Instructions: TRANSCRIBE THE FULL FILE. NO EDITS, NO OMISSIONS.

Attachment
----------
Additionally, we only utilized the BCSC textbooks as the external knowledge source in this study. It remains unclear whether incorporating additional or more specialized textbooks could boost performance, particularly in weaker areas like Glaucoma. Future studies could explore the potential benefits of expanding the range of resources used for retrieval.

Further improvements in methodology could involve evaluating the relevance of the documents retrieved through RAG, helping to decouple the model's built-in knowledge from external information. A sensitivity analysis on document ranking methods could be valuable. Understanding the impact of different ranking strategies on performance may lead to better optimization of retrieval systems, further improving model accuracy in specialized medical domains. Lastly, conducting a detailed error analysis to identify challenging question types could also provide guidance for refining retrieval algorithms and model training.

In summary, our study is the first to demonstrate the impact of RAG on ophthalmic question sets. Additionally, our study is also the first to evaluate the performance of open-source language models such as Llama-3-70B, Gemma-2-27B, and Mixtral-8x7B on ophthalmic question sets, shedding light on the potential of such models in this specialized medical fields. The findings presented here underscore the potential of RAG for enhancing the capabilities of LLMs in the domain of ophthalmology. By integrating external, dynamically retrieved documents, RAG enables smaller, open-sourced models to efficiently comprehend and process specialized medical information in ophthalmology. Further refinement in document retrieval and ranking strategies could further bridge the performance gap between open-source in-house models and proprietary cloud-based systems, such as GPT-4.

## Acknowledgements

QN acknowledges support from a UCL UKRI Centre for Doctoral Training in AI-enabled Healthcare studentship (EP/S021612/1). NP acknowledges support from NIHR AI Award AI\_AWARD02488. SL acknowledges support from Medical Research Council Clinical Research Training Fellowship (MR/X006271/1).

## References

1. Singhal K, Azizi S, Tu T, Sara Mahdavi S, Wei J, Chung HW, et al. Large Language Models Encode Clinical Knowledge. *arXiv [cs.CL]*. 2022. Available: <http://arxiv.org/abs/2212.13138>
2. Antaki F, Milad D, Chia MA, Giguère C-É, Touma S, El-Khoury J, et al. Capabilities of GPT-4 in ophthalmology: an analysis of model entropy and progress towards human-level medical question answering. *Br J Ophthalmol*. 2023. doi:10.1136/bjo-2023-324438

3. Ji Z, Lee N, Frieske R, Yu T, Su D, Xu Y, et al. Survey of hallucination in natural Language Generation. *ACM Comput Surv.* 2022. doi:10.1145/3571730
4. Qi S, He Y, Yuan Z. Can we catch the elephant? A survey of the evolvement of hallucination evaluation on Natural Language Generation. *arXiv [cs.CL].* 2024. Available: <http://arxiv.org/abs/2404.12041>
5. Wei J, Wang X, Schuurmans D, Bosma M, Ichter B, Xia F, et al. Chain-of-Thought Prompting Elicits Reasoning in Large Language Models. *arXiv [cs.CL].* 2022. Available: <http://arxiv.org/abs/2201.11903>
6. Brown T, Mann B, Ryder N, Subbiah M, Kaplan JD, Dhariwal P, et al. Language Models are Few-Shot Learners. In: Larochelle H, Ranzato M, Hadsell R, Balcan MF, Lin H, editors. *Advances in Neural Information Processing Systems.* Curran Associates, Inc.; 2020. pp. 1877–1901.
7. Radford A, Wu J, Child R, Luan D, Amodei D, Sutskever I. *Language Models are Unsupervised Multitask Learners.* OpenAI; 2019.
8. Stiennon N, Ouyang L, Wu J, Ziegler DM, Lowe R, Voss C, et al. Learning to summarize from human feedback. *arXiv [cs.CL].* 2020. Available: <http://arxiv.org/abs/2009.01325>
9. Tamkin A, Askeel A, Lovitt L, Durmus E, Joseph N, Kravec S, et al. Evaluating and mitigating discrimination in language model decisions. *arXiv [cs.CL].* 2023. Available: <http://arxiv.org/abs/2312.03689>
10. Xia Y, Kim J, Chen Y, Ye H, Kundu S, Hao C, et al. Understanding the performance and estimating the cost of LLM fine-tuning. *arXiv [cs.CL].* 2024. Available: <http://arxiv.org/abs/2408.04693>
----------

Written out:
Additionally, we only utilized the BCSC textbooks as the external knowledge source in this study. It remains unclear whether incorporating additional or more specialized textbooks could boost performance, particularly in weaker areas like Glaucoma. Future studies could explore the potential benefits of expanding the range of resources used for retrieval.

Further improvements in methodology could involve evaluating the relevance of the documents retrieved through RAG, helping to decouple the model's built-in knowledge from external information. A sensitivity analysis on document ranking methods could be valuable. Understanding the impact of different ranking strategies on performance may lead to better optimization of retrieval systems, further improving model accuracy in specialized medical domains. Lastly, conducting a detailed error analysis to identify challenging question types could also provide guidance for refining retrieval algorithms and model training.

In summary, our study is the first to demonstrate the impact of RAG on ophthalmic question sets. Additionally, our study is also the first to evaluate the performance of open-source language models such as Llama-3-70B, Gemma-2-27B, and Mixtral-8x7B on ophthalmic question sets, shedding light on the potential of such models in this specialized medical fields. The findings presented here underscore the potential of RAG for enhancing the capabilities of LLMs in the domain of ophthalmology. By integrating external, dynamically retrieved documents, RAG enables smaller, open-sourced models to efficiently comprehend and process specialized medical information in ophthalmology. Further refinement in document retrieval and ranking strategies could further bridge the performance gap between open-source in-house models and proprietary cloud-based systems, such as GPT-4.

## Acknowledgements

QN acknowledges support from a UCL UKRI Centre for Doctoral Training in AI-enabled Healthcare studentship (EP/S021612/1). NP acknowledges support from NIHR AI Award AI\_AWARD02488. SL acknowledges support from Medical Research Council Clinical Research Training Fellowship (MR/X006271/1).

## References

1. Singhal K, Azizi S, Tu T, Sara Mahdavi S, Wei J, Chung HW, et al. Large Language Models Encode Clinical Knowledge. *arXiv [cs.CL]*. 2022. Available: <http://arxiv.org/abs/2212.13138>
2. Antaki F, Milad D, Chia MA, Giguère C-É, Touma S, El-Khoury J, et al. Capabilities of GPT-4 in ophthalmology: an analysis of model entropy and progress towards human-level medical question answering. *Br J Ophthalmol*. 2023. doi:10.1136/bjo-2023-324438

3. Ji Z, Lee N, Frieske R, Yu T, Su D, Xu Y, et al. Survey of hallucination in natural Language Generation. *ACM Comput Surv.* 2022. doi:10.1145/3571730
4. Qi S, He Y, Yuan Z. Can we catch the elephant? A survey of the evolvement of hallucination evaluation on Natural Language Generation. *arXiv [cs.CL].* 2024. Available: <http://arxiv.org/abs/2404.12041>
5. Wei J, Wang X, Schuurmans D, Bosma M, Ichter B, Xia F, et al. Chain-of-Thought Prompting Elicits Reasoning in Large Language Models. *arXiv [cs.CL].* 2022. Available: <http://arxiv.org/abs/2201.11903>
6. Brown T, Mann B, Ryder N, Subbiah M, Kaplan JD, Dhariwal P, et al. Language Models are Few-Shot Learners. In: Larochelle H, Ranzato M, Hadsell R, Balcan MF, Lin H, editors. *Advances in Neural Information Processing Systems.* Curran Associates, Inc.; 2020. pp. 1877–1901.
7. Radford A, Wu J, Child R, Luan D, Amodei D, Sutskever I. *Language Models are Unsupervised Multitask Learners.* OpenAI; 2019.
8. Stiennon N, Ouyang L, Wu J, Ziegler DM, Lowe R, Voss C, et al. Learning to summarize from human feedback. *arXiv [cs.CL].* 2020. Available: <http://arxiv.org/abs/2009.01325>
9. Tamkin A, Askeel A, Lovitt L, Durmus E, Joseph N, Kravec S, et al. Evaluating and mitigating discrimination in language model decisions. *arXiv [cs.CL].* 2023. Available: <http://arxiv.org/abs/2312.03689>
10. Xia Y, Kim J, Chen Y, Ye H, Kundu S, Hao C, et al. Understanding the performance and estimating the cost of LLM fine-tuning. *arXiv [cs.CL].* 2024. Available: <http://arxiv.org/abs/2408.04693>